“The ambition of the European Open Science Cloud (EOSC) is to provide a  ‘multi-disciplinary environment where researchers can publish, find and re-use data, tools and services, enabling them to better conduct their work’. The realisation of the EOSC vision depends upon the availability of FAIR data (i.e., those data that are findable, accessible, interoperable and reusable). The Strategic Research and Innovation Agenda (SRIA) defines the general framework for future research, development and innovation activities in relation to the EOSC and identified the availability of standardised national Open Science and FAIR data strategies, including the description of these policies, as a key priority to enable the continuous monitoring of the landscape with regards to EOSC readiness.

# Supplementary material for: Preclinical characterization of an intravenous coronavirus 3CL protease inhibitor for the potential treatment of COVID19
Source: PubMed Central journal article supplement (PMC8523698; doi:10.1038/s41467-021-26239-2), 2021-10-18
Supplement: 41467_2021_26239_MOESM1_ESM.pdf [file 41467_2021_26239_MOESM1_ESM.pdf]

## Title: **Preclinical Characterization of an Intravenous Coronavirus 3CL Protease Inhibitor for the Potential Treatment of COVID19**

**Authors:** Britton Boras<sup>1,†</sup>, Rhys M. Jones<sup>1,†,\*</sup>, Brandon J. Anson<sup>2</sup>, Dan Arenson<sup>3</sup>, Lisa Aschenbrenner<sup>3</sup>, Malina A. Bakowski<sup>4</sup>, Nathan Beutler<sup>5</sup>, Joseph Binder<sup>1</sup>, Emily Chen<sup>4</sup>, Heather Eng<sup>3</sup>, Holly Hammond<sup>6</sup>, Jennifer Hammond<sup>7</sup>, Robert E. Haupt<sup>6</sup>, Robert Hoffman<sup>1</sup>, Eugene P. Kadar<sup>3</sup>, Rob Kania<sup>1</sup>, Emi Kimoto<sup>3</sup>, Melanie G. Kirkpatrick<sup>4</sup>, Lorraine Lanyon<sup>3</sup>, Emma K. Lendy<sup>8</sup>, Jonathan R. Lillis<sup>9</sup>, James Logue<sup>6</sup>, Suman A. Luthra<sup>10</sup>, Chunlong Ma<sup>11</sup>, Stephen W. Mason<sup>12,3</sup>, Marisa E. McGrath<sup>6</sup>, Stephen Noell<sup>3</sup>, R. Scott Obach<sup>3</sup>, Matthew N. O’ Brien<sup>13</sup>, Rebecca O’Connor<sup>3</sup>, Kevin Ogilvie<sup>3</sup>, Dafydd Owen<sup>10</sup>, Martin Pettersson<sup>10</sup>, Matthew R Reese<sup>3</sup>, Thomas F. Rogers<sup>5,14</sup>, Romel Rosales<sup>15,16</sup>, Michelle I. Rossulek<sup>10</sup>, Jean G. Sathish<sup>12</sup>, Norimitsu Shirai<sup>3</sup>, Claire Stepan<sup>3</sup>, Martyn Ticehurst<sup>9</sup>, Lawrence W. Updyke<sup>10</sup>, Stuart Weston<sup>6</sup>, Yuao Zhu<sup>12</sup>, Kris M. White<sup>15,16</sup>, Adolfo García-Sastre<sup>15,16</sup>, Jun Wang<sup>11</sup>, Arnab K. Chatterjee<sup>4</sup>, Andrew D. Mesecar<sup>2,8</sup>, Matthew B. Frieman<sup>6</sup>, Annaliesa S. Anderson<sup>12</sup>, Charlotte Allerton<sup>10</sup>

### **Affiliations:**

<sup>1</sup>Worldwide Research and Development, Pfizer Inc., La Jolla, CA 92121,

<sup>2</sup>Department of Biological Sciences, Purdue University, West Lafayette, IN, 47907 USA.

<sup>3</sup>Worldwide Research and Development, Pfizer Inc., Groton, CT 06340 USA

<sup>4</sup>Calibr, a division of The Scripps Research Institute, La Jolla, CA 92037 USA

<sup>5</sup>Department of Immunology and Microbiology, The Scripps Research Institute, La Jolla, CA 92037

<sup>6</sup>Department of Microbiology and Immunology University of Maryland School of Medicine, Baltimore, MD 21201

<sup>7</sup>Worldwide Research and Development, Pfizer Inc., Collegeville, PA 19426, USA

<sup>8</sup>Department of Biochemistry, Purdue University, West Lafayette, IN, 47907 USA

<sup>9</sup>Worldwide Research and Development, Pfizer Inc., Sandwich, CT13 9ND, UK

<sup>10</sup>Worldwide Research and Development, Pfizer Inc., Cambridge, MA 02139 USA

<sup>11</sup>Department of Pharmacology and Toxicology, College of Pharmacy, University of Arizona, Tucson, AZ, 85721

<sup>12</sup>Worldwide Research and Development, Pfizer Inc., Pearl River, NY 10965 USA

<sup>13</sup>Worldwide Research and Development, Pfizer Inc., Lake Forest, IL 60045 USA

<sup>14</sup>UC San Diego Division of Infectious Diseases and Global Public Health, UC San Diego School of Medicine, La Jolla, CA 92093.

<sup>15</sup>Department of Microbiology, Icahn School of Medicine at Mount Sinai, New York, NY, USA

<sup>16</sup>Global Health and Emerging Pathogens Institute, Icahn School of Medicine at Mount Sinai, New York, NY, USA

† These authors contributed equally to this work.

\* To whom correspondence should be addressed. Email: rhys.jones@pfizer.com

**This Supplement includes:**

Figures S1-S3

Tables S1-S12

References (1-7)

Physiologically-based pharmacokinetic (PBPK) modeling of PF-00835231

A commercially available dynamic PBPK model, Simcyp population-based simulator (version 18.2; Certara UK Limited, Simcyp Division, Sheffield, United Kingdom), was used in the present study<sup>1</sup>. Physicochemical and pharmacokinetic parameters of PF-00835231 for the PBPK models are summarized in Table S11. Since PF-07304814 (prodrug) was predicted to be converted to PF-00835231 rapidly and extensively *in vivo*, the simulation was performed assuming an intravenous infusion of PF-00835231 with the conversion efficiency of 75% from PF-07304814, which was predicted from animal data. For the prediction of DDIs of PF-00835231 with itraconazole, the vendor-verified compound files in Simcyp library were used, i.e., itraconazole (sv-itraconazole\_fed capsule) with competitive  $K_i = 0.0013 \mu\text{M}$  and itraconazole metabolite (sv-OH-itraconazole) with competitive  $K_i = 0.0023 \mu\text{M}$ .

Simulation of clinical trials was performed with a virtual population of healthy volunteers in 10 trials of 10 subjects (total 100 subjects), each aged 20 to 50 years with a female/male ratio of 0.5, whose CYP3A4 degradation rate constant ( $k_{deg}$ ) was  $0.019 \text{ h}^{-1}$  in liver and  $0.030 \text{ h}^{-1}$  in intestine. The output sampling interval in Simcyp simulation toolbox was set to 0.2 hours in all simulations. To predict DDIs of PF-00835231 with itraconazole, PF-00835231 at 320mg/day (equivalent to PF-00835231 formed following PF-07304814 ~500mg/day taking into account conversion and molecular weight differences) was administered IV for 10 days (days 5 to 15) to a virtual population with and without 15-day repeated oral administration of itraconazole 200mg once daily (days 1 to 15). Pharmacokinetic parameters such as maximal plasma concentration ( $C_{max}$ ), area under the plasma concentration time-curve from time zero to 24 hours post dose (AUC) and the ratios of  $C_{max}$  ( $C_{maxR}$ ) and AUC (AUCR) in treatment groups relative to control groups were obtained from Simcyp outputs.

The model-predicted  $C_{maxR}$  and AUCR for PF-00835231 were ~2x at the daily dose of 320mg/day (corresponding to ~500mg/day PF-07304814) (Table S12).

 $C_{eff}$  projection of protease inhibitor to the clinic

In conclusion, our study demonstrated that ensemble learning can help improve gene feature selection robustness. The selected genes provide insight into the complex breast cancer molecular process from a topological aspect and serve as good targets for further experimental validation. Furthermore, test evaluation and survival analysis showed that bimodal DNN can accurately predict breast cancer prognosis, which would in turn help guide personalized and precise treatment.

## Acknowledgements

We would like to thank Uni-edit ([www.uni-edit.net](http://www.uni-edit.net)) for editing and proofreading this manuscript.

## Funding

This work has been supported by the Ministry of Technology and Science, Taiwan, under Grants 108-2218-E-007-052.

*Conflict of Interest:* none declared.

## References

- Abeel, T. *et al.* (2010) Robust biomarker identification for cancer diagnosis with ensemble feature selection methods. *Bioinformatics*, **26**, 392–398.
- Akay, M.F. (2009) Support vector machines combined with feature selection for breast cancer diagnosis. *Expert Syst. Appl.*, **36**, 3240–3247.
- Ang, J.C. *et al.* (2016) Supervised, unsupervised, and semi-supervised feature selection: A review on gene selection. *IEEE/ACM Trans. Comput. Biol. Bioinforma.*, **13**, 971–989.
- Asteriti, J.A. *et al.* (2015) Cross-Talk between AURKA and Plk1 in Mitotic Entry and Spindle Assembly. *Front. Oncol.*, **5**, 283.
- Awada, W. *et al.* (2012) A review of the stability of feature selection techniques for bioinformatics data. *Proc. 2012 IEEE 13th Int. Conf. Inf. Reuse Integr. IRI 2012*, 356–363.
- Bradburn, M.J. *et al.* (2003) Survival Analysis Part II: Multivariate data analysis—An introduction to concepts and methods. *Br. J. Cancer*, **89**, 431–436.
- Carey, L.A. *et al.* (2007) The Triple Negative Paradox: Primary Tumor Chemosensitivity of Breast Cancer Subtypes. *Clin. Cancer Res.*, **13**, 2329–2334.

This workshop will share recent work undertaken by the EOSC Association to monitor additional activities and define key performance indicators relating to FAIR data policies; share the key aims of a survey on policy monitoring currently being carried out with Member States; and introduce solutions being developed by EOSC Future and FAIRsFAIR to support comparable policy monitoring moving forward. The workshop will allow ample time for questions and discussion. This event will be useful for a broad range of stakeholders who are interested in – or may need to contribute to – the ongoing monitoring of the policy landscape at different levels. ”